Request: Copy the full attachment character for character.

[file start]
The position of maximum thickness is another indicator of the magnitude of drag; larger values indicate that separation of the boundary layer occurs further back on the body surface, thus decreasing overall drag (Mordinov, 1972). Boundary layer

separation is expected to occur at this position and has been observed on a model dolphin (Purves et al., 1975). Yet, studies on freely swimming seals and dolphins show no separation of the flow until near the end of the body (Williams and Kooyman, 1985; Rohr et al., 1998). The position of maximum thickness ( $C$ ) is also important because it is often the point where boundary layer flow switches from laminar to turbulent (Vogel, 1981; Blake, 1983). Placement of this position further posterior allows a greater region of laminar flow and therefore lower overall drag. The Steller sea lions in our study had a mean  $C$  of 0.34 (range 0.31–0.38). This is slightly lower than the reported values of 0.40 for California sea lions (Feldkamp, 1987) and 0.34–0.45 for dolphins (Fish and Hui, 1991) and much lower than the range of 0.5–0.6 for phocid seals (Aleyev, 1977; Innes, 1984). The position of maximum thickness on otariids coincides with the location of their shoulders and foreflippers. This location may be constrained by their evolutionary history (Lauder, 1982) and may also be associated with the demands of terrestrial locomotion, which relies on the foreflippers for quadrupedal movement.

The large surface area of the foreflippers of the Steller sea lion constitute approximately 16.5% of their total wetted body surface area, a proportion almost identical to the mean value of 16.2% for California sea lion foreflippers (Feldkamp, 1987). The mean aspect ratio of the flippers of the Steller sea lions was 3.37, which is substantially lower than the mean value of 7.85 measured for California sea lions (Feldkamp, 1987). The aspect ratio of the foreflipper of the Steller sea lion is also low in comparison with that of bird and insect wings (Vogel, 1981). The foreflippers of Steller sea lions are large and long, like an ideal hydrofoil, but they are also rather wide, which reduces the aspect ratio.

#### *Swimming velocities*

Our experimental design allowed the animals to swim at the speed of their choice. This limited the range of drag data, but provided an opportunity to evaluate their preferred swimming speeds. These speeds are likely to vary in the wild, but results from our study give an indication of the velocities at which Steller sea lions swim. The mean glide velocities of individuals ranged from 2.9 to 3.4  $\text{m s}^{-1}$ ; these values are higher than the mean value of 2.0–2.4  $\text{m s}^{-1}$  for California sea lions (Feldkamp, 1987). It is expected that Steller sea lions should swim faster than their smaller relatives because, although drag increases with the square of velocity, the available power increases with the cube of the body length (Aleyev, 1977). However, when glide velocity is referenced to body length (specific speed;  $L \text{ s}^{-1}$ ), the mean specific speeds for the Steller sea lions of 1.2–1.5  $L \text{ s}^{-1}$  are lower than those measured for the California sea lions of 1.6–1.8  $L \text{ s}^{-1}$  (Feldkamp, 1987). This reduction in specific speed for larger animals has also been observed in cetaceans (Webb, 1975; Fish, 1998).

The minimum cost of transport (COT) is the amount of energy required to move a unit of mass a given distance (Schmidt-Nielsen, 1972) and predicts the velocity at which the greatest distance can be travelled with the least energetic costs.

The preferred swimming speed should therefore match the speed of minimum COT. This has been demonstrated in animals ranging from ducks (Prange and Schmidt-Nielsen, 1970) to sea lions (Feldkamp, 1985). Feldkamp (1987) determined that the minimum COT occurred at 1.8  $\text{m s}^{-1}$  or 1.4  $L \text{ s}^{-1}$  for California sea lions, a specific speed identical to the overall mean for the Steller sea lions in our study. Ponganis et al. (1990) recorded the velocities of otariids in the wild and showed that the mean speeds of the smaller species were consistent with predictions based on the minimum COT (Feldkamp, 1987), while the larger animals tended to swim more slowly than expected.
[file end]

The position of maximum thickness is another indicator of the magnitude of drag; larger values indicate that separation of the boundary layer occurs further back on the body surface, thus decreasing overall drag (Mordinov, 1972). Boundary layer

separation is expected to occur at this position and has been observed on a model dolphin (Purves et al., 1975). Yet, studies on freely swimming seals and dolphins show no separation of the flow until near the end of the body (Williams and Kooyman, 1985; Rohr et al., 1998). The position of maximum thickness ( $C$ ) is also important because it is often the point where boundary layer flow switches from laminar to turbulent (Vogel, 1981; Blake, 1983). Placement of this position further posterior allows a greater region of laminar flow and therefore lower overall drag. The Steller sea lions in our study had a mean  $C$  of 0.34 (range 0.31–0.38). This is slightly lower than the reported values of 0.40 for California sea lions (Feldkamp, 1987) and 0.34–0.45 for dolphins (Fish and Hui, 1991) and much lower than the range of 0.5–0.6 for phocid seals (Aleyev, 1977; Innes, 1984). The position of maximum thickness on otariids coincides with the location of their shoulders and foreflippers. This location may be constrained by their evolutionary history (Lauder, 1982) and may also be associated with the demands of terrestrial locomotion, which relies on the foreflippers for quadrupedal movement.

The large surface area of the foreflippers of the Steller sea lion constitute approximately 16.5% of their total wetted body surface area, a proportion almost identical to the mean value of 16.2% for California sea lion foreflippers (Feldkamp, 1987). The mean aspect ratio of the flippers of the Steller sea lions was 3.37, which is substantially lower than the mean value of 7.85 measured for California sea lions (Feldkamp, 1987). The aspect ratio of the foreflipper of the Steller sea lion is also low in comparison with that of bird and insect wings (Vogel, 1981). The foreflippers of Steller sea lions are large and long, like an ideal hydrofoil, but they are also rather wide, which reduces the aspect ratio.

#### *Swimming velocities*

Our experimental design allowed the animals to swim at the speed of their choice. This limited the range of drag data, but provided an opportunity to evaluate their preferred swimming speeds. These speeds are likely to vary in the wild, but results from our study give an indication of the velocities at which Steller sea lions swim. The mean glide velocities of individuals ranged from 2.9 to 3.4  $\text{m s}^{-1}$ ; these values are higher than the mean value of 2.0–2.4  $\text{m s}^{-1}$  for California sea lions (Feldkamp, 1987). It is expected that Steller sea lions should swim faster than their smaller relatives because, although drag increases with the square of velocity, the available power increases with the cube of the body length (Aleyev, 1977). However, when glide velocity is referenced to body length (specific speed;  $L \text{ s}^{-1}$ ), the mean specific speeds for the Steller sea lions of 1.2–1.5  $L \text{ s}^{-1}$  are lower than those measured for the California sea lions of 1.6–1.8  $L \text{ s}^{-1}$  (Feldkamp, 1987). This reduction in specific speed for larger animals has also been observed in cetaceans (Webb, 1975; Fish, 1998).

The minimum cost of transport (COT) is the amount of energy required to move a unit of mass a given distance (Schmidt-Nielsen, 1972) and predicts the velocity at which the greatest distance can be travelled with the least energetic costs.

The preferred swimming speed should therefore match the speed of minimum COT. This has been demonstrated in animals ranging from ducks (Prange and Schmidt-Nielsen, 1970) to sea lions (Feldkamp, 1985). Feldkamp (1987) determined that the minimum COT occurred at 1.8  $\text{m s}^{-1}$  or 1.4  $L \text{ s}^{-1}$  for California sea lions, a specific speed identical to the overall mean for the Steller sea lions in our study. Ponganis et al. (1990) recorded the velocities of otariids in the wild and showed that the mean speeds of the smaller species were consistent with predictions based on the minimum COT (Feldkamp, 1987), while the larger animals tended to swim more slowly than expected.